Brazil Takes Further Action To Weaken Currency

By Win Thin

After warning of further measures to fight BRL appreciation, Brazil unveiled yet another policy measure in its toolbox. The central bank introduced reserve requirements on local bank dollar short positions this morning in an attempt to reduce the magnitude of those shorts. Central bank official Mendes said that the move has the potential to reduce short positions to $10 bln from $16.8 bln in December. The two biggest takeaways from this is that 1) the authorities are clearly NOT accepting a stronger real to combat inflation, as some in the market had speculated, and 2) BOTH the central bank and Finance Ministry are committed to battling the strong real. Fin Min Mantega could have announced these measures at his press conference Wednesday, but it now looks like FX policy may be getting a little less centralized.

In light of these developments, we believe that 1.65 is the unofficial “line in the sand” and we fully expect more measures if the real threatens to break below that. Central bank meets January 18/19 and is expected to hike rates by 50 bp from 10.75%, which will only add to BRL appreciation pressures. As such, we think other measures will be rolled out over time as needed to try and prevent that break of 1.65. BRL is slightly weaker but has not reacted significantly to the measures so far today. Even if BRL remains in the 1.65-1.70 range, investors are happy to collect the high interest income. Moves above 1.70 typically draw out more buyers, and BRL hasn’t traded above 1.75 since September 1.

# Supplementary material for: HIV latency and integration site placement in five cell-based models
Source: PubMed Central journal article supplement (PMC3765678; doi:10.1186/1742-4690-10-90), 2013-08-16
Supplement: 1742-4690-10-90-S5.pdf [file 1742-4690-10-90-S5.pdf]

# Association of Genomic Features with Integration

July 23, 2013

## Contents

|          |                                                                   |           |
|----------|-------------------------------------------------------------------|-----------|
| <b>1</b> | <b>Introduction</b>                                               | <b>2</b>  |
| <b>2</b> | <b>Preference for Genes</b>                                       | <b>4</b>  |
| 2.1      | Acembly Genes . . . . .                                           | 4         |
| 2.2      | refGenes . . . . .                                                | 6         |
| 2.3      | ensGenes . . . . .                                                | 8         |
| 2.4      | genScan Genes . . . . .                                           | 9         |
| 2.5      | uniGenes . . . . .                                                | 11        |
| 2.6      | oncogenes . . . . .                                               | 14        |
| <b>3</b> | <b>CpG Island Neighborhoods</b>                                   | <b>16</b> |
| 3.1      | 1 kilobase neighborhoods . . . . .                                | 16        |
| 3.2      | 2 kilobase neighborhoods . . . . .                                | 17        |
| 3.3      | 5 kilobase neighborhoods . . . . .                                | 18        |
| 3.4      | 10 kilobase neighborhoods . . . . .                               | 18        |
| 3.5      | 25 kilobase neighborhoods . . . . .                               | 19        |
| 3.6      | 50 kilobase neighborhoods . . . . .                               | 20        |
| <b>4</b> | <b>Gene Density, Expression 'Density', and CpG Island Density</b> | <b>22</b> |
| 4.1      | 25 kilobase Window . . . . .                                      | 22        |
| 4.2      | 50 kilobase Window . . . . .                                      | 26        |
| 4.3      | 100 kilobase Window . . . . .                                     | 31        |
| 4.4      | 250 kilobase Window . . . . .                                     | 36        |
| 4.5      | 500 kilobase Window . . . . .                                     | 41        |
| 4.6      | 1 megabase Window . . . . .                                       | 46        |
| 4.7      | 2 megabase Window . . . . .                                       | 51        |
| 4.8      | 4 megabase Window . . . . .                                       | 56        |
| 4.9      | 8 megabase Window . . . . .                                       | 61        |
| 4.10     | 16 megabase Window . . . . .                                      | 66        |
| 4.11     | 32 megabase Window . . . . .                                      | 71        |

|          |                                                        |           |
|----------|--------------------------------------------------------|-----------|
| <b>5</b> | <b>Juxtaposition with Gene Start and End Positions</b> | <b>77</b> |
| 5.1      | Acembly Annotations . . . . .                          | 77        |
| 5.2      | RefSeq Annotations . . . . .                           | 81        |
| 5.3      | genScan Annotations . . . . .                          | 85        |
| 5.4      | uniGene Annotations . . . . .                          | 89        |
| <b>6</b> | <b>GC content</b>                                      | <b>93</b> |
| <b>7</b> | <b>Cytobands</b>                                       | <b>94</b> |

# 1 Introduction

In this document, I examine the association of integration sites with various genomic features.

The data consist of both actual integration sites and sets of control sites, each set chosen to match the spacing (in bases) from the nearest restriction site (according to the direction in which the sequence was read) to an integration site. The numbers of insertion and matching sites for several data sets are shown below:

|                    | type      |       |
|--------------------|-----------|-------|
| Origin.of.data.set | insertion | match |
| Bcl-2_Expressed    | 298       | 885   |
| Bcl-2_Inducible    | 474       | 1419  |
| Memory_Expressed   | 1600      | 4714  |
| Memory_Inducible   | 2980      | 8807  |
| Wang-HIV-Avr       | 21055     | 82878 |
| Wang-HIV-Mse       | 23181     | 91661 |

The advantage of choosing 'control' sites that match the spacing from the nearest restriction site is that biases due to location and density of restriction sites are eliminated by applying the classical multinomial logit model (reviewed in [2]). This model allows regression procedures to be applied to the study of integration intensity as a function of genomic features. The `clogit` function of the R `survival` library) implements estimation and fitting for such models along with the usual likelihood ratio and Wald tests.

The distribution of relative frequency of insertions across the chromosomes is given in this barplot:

The ongoing struggle here highlights the fact that the Brazil central bank faces the same policy dilemma as the Asian central banks that we wrote about yesterday. That is, attempts to target both inflation and the exchange rate are basically impossible and will eventually break down. Inflation targeting warrants higher interest rates, which in turn leads to a stronger currency. The stronger currency is typically part of the process of fighting inflation, but EM policy-makers worldwide are trying in vain to forestall this part of the adjustment. We have long highlighted risks of capital control as being one of the dominant themes in 2011 for EM, especially as the EM rally remains intact and foreign inflows continue. Other currencies besides BRL are also bumping up against what we view as threshold levels for official action. We believe that’s why the 2011 EM rally, if it continues as expected, won’t be as big as it was in 2010. Too much official interference is likely to be seen, but such actions are only likely to slow the moves, not reverse them.

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